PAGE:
Alcohol and cancer: a report from the Alcohol Health Alliance UK – Royal College of Physicians – March 2013

Posted on March 25, 2013. Filed under: Alcohol & Drug Dep., Oncology | Tags: , |

Alcohol and cancer: a report from the Alcohol Health Alliance UK – Royal College of Physicians – March 2013

“Alcohol and cancer draws on the latest research to explain the relationship between alcohol and cancer and why this is a problem that the UK needs to tackle now.

Alcohol is one of the most important preventable causes of cancer in the UK. The more a person drinks overall the higher their risk of developing cancer, yet even drinking within current guidelines can increase the risk for certain cancers. There is no level of drinking that can be considered ‘safe’ from the risk of cancer.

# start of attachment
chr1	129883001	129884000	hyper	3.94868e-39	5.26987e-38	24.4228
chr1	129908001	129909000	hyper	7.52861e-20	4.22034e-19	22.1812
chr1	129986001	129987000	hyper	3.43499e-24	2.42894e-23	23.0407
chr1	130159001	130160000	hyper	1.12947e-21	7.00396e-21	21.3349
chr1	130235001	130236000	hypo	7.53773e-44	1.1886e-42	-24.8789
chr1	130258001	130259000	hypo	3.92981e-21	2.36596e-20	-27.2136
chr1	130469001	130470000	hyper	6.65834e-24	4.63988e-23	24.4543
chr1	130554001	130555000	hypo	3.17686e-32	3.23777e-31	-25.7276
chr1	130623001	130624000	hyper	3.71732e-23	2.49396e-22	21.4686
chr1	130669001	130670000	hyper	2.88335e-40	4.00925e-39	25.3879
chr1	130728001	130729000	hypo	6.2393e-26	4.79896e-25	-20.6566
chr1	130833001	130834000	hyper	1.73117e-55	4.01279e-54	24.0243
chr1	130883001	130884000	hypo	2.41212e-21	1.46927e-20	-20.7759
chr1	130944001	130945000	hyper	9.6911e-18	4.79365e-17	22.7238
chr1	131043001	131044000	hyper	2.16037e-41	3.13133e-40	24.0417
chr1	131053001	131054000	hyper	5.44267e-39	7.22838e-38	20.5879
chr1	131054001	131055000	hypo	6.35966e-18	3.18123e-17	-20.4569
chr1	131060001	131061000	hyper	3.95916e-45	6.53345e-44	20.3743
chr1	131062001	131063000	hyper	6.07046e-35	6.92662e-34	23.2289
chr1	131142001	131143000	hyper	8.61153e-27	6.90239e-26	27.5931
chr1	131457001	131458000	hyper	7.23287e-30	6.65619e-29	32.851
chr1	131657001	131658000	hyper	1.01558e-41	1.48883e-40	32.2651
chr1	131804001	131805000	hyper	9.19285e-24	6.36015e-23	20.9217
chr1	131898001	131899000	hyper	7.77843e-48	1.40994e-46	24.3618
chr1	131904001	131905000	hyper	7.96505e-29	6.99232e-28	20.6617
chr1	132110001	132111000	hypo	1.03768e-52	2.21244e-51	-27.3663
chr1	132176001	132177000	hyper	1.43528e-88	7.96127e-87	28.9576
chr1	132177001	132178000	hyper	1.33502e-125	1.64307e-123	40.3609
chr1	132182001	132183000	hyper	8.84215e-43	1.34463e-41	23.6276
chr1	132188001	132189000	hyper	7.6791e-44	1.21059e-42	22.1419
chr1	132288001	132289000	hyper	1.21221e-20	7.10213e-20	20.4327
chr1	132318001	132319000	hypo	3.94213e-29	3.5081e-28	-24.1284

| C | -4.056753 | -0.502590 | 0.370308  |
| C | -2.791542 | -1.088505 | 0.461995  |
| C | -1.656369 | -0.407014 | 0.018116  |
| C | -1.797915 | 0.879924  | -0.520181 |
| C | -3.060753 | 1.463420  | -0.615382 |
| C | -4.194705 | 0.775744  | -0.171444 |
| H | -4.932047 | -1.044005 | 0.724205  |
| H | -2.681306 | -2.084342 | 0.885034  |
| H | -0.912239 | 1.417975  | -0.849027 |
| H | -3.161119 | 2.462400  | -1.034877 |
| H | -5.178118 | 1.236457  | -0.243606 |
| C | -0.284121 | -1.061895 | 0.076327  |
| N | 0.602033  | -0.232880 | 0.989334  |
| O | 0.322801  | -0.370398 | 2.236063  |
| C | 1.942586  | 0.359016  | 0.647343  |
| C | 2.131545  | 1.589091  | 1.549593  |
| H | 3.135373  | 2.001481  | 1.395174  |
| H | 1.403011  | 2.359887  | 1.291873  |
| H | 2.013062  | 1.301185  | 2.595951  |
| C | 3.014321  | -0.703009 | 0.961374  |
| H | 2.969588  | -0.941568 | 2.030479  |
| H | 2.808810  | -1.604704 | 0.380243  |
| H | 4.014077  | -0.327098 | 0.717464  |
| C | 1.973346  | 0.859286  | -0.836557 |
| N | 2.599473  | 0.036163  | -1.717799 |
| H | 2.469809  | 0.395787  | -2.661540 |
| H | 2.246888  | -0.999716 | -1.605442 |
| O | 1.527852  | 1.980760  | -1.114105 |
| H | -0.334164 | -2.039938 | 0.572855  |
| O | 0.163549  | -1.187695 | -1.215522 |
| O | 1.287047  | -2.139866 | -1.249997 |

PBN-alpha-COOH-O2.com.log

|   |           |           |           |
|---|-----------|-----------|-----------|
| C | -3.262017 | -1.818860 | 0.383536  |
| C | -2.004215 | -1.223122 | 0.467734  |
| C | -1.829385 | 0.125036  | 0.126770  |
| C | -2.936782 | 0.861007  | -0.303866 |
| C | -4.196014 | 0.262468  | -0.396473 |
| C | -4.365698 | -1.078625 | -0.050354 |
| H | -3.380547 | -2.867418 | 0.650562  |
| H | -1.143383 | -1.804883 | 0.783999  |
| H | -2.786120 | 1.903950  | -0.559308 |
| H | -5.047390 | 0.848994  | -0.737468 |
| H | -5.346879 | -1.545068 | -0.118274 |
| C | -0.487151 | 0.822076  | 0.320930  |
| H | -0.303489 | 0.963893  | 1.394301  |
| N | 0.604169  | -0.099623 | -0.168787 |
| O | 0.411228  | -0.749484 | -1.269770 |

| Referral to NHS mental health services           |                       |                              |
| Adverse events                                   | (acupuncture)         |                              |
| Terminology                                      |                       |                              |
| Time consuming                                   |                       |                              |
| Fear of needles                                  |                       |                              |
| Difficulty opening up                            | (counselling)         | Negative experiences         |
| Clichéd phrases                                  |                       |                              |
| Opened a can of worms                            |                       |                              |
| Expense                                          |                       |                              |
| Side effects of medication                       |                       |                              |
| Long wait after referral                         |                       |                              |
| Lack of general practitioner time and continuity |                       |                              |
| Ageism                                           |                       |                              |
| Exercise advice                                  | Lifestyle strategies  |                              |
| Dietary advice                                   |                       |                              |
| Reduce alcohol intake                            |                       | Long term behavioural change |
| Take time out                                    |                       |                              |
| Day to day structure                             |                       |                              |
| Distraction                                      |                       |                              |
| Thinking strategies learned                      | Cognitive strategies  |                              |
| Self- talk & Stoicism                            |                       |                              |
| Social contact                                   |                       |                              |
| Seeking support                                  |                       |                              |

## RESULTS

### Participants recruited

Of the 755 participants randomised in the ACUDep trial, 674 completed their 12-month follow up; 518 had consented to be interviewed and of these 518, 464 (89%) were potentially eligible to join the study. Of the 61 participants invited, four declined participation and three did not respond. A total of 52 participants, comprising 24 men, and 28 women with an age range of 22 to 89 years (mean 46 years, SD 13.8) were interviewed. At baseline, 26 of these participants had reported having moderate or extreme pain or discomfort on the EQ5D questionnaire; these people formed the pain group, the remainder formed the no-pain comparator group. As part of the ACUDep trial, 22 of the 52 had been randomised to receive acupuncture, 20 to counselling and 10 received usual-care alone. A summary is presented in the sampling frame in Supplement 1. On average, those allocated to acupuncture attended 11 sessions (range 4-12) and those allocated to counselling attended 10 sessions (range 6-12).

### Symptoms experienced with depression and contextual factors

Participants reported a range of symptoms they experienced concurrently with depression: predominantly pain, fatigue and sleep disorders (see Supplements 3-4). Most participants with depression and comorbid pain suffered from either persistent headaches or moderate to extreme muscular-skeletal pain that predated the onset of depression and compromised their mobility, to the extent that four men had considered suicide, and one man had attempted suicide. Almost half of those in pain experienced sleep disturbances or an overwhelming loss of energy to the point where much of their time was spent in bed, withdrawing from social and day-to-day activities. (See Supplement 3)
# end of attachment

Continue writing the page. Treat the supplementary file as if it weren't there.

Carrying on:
Despite these risks, the UK population continues to drink substantially more than we did 50 years ago. The solution is clear – reducing how much people drink overall will reduce their risk of cancer.

This report by the Alcohol Health Alliance UK draws on the latest research to explain the relationship between alcohol and cancer and why this is a problem that the UK needs to tackle now. It calls for the implementation of key strategies to lower the amount the UK population drinks as a whole and to support those who drink excessively to cut down.”

the report

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